January 31, 2024

Navigating the Murky Waters of Phishing: A Guide to Recognizing and Avoiding Online Deception

In the vast ocean of the internet, phishing has emerged as a cunning predator, lurking in emails, messages, and websites, waiting to deceive unsuspecting individuals. This blog delves into the world of phishing, unraveling its intricacies, and providing practical tips on how to recognize and evade its traps.

  1. Decoding Phishing: At its core, phishing is a fraudulent attempt to obtain sensitive information, such as usernames, passwords, and credit card details, by posing as a trustworthy entity. Phishers often employ deceptive emails, messages, or websites, imitating reputable organizations to trick individuals into divulging confidential information.
  2. Email Phishing: One of the most common forms of phishing is through deceptive emails. Phishers meticulously craft emails that appear legitimate, often mimicking the branding of banks, government agencies, or popular online platforms. These emails typically contain urgent messages, enticing individuals to click on malicious links or provide sensitive information under the guise of security updates or account verification.
  3. Spotting Red Flags: Recognizing the red flags of phishing is crucial for staying one step ahead. Typos, generic greetings, and suspicious email addresses are common indicators of a phishing attempt. Legitimate organizations usually address individuals by their full name and use official domain names in their email addresses. Additionally, urgent language or requests for sensitive information should raise immediate suspicions.
  4. Hover Before You Click: Hovering over hyperlinks before clicking on them can be a game-changer in avoiding phishing attacks. Legitimate links will display the actual web address they lead to, while phishing links often hide behind seemingly innocuous text. Hovering allows individuals to verify the destination before falling into the trap.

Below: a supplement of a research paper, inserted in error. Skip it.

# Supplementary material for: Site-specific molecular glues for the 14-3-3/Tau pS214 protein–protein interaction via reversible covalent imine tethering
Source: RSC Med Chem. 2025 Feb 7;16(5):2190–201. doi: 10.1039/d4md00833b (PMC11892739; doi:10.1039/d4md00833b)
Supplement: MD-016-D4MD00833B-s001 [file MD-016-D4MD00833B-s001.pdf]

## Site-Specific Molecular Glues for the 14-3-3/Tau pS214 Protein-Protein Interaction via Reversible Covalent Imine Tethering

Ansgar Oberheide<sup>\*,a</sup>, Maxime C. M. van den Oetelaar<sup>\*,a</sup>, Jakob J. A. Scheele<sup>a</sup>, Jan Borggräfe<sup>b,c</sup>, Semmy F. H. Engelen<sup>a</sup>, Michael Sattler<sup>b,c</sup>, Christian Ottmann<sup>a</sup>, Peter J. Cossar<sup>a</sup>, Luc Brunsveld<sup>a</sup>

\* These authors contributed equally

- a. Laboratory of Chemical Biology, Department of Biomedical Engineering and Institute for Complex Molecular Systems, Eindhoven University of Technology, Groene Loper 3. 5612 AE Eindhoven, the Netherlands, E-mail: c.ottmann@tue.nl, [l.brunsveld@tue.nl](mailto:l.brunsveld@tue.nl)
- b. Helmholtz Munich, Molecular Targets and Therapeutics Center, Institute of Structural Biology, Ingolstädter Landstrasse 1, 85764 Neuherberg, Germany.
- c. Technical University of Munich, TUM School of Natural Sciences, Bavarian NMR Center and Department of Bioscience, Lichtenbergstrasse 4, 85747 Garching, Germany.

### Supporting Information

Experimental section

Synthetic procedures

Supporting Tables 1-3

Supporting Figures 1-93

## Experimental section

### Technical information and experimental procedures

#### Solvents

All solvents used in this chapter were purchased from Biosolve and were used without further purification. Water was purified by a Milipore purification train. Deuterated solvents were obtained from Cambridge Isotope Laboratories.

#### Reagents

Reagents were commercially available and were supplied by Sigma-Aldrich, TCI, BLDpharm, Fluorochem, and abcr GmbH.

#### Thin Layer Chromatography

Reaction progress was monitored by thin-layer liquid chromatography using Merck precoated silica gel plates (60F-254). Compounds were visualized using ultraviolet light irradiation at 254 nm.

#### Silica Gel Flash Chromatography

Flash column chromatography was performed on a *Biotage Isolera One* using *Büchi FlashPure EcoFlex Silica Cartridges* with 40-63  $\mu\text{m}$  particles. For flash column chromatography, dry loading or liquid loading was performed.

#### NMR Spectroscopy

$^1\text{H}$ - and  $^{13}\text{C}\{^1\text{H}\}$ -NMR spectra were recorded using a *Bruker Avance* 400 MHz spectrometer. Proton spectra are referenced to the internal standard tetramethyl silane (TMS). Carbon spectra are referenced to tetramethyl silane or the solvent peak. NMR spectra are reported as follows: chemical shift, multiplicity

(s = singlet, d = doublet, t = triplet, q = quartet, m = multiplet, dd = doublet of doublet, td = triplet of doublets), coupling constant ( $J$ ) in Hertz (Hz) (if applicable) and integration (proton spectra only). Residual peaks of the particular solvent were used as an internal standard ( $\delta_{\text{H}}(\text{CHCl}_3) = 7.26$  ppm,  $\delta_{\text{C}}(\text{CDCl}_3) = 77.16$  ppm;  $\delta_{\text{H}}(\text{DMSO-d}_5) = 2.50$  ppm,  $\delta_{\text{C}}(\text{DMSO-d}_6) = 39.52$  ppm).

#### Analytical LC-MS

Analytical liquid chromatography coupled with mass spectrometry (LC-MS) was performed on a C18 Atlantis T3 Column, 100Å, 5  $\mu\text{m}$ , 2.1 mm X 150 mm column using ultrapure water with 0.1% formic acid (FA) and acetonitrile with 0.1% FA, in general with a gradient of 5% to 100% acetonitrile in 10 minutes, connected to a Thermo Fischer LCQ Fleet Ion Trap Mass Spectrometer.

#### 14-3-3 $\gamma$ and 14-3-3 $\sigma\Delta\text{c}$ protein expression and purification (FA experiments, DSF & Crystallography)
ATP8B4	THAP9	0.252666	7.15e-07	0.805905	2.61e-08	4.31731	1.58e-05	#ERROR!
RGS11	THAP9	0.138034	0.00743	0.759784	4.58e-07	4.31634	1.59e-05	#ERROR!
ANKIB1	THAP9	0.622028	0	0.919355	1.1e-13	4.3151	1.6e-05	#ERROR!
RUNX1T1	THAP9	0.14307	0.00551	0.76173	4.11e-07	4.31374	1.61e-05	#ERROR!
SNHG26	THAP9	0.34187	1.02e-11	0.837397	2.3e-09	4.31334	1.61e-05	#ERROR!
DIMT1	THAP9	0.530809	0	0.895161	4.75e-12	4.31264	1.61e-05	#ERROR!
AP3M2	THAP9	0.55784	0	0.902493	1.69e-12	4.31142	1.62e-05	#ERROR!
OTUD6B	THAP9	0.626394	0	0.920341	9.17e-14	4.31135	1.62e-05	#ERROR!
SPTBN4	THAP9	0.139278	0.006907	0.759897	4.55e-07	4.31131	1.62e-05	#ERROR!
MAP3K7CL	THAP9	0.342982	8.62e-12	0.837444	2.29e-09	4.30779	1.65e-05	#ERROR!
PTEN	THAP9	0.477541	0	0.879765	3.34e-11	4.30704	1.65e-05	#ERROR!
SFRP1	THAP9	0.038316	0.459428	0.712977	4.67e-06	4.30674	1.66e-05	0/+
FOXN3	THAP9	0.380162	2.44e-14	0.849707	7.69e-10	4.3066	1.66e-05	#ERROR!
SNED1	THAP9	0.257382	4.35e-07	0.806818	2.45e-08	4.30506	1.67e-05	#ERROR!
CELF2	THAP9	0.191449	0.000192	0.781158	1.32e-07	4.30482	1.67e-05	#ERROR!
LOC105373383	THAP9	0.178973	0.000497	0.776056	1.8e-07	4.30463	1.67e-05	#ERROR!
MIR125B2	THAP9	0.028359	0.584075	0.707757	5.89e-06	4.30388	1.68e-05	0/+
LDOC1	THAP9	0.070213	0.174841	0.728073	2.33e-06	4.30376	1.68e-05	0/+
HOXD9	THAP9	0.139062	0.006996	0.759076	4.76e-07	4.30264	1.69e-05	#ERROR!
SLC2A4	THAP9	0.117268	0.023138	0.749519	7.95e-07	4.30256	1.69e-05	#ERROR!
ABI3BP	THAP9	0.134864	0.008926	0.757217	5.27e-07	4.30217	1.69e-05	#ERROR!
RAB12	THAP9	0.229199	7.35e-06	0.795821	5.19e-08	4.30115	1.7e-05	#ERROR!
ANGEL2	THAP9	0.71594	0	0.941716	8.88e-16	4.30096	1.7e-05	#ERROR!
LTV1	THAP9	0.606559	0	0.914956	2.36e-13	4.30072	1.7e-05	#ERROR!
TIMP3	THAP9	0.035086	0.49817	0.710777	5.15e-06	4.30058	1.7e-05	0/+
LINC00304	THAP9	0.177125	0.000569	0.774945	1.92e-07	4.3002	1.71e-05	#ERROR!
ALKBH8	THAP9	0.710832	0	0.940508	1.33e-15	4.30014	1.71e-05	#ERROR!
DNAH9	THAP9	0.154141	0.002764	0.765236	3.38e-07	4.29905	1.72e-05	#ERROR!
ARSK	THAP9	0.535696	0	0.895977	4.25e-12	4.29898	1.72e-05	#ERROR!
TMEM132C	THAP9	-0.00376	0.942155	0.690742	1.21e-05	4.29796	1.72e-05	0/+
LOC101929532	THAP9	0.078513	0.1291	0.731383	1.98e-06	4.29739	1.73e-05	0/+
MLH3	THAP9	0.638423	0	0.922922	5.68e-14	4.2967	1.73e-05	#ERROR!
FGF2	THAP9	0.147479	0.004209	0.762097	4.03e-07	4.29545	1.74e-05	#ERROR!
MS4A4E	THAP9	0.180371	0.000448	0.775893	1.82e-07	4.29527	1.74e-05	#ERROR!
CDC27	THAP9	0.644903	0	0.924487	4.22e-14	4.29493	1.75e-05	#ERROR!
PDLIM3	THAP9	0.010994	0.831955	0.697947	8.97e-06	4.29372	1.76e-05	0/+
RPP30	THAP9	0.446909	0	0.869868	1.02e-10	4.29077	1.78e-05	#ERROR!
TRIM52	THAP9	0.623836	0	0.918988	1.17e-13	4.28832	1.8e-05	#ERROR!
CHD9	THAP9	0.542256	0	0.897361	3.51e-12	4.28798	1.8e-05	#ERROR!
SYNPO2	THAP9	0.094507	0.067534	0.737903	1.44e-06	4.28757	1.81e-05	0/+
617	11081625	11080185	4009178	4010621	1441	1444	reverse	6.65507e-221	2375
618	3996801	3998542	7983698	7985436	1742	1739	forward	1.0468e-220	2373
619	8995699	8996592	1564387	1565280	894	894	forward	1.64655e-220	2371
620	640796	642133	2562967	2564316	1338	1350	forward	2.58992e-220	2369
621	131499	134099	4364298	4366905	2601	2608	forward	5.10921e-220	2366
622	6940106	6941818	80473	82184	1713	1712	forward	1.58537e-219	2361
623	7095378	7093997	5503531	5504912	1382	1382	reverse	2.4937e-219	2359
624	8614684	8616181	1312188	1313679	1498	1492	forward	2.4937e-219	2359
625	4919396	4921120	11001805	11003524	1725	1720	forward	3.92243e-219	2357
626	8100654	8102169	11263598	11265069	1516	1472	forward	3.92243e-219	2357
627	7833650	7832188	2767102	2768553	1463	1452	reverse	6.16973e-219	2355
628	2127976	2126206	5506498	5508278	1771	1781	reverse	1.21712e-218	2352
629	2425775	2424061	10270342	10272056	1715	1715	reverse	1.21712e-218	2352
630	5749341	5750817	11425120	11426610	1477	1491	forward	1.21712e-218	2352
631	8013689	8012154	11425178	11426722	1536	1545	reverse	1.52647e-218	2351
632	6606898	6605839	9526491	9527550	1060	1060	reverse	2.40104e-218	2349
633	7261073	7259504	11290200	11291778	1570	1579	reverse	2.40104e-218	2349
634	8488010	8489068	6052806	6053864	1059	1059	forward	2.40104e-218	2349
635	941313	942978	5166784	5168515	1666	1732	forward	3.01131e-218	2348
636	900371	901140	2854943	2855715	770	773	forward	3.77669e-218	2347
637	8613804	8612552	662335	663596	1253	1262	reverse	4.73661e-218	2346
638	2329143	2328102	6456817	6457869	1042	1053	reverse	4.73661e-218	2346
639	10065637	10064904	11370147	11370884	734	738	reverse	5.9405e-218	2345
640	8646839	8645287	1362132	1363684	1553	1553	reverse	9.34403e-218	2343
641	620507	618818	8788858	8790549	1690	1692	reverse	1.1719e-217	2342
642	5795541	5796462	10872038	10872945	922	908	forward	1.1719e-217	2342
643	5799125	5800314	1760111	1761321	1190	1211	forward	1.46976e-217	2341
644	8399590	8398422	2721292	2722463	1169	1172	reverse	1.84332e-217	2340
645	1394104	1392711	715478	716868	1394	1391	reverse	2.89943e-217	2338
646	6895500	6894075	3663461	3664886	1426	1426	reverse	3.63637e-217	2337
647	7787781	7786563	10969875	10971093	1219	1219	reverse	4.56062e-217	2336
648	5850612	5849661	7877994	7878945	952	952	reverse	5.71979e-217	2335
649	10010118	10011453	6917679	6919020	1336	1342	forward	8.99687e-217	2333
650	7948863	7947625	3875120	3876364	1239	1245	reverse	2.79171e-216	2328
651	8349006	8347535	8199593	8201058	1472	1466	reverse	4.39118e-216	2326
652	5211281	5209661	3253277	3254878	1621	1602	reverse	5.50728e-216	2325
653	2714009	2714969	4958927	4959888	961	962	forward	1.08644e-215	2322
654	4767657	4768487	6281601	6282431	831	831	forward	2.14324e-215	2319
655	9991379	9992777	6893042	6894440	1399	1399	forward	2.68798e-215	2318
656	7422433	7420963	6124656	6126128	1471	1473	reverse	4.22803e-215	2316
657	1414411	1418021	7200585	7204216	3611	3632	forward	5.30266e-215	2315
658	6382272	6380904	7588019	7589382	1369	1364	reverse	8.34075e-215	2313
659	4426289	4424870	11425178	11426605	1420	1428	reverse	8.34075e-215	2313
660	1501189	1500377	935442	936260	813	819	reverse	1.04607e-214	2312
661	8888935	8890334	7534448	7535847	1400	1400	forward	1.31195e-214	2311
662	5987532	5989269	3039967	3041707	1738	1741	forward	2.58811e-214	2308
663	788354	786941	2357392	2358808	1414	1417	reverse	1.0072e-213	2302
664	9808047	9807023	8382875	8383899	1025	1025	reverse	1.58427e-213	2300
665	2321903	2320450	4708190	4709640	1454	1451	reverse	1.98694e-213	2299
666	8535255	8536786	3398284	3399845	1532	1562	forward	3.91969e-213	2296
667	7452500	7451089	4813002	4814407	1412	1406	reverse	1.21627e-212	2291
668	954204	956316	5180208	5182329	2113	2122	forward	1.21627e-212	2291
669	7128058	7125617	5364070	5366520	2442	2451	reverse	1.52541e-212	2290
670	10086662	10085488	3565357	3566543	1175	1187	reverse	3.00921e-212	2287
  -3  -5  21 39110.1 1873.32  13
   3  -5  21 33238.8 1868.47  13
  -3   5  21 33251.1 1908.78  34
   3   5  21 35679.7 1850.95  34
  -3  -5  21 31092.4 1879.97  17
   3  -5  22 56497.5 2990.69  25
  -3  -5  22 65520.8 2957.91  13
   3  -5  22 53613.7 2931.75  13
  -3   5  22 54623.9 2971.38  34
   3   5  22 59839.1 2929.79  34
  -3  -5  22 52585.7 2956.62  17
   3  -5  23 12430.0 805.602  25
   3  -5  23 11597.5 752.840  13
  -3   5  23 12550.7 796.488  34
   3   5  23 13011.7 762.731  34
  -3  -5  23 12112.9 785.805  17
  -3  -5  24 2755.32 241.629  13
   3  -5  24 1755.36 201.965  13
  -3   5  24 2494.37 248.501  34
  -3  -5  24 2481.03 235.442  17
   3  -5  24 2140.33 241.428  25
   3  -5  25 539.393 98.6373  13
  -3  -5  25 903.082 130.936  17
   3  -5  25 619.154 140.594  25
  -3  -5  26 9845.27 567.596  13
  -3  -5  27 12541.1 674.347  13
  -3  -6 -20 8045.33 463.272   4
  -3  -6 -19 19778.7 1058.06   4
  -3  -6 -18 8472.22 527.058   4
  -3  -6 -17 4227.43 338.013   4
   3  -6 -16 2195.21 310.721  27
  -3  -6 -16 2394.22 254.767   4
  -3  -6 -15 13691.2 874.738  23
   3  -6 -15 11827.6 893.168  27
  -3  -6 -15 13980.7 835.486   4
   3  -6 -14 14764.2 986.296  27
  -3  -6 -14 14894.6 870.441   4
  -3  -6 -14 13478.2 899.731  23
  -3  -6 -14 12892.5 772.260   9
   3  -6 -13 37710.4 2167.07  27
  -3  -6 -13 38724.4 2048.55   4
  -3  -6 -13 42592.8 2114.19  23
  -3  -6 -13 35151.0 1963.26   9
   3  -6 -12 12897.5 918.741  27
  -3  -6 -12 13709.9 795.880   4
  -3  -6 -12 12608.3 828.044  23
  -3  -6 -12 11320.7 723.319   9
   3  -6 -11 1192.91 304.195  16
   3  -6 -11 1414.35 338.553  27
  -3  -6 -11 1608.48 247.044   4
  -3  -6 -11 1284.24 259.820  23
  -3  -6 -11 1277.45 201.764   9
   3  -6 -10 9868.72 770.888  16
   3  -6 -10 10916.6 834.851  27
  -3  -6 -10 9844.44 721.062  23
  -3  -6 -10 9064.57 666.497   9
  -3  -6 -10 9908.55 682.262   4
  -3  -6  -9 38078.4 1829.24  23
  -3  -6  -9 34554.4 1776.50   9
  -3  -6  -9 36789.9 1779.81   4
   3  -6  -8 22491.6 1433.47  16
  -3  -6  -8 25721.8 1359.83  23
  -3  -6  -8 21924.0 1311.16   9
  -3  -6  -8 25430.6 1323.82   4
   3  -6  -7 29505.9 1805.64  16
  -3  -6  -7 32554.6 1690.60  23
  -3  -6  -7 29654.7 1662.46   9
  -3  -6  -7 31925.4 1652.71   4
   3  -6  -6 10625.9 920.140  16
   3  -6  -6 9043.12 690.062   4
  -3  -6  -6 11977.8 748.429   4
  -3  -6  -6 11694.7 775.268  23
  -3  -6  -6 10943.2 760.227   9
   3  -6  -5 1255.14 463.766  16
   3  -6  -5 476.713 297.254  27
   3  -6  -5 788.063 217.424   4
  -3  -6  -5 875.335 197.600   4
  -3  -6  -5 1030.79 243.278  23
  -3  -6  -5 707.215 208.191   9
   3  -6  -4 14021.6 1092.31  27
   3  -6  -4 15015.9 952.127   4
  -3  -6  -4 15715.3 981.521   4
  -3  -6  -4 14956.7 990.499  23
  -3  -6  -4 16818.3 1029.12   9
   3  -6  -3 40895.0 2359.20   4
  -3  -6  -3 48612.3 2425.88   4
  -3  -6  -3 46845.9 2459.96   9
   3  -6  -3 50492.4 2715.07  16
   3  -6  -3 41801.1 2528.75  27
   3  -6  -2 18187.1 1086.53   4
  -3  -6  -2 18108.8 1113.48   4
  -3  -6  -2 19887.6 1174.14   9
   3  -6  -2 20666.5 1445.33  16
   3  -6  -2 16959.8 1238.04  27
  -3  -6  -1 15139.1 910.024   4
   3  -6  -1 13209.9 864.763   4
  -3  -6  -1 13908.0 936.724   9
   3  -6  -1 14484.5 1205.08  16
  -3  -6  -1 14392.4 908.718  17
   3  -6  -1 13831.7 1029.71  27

5. Two-Factor Authentication (2FA): Enabling two-factor authentication adds an extra layer of security, even if login credentials are compromised. Even if a phishing attempt is successful in obtaining a password, the additional verification step makes it significantly more challenging for unauthorized access to occur.
  6. Educational Initiatives: Educating individuals about phishing tactics is a powerful preventive measure. Businesses, educational institutions, and community organizations should conduct awareness campaigns, workshops, and training sessions to empower individuals with the knowledge to recognize and report phishing attempts.
  7. Security Software and Updates: Utilizing robust security software can act as a shield against phishing attempts. Regularly updating antivirus and anti-malware programs ensures that the latest security measures are in place to detect and neutralize potential threats.
  8. Reporting Phishing Attempts: Reporting phishing attempts is a civic responsibility. Most legitimate organizations have dedicated channels for reporting such incidents. Timely reporting contributes to the swift identification and takedown of phishing sites, protecting others from falling victim to the same deception.

Conclusion: As we navigate the digital landscape, the threat of phishing persists. By staying vigilant, educating ourselves and our communities, and implementing preventive measures, we can build a robust defense against these online predators. Recognizing the signs, hovering before clicking, and fostering a culture of cyber-awareness are essential steps in steering clear of the murky waters of phishing and ensuring a safer online experience for everyone.

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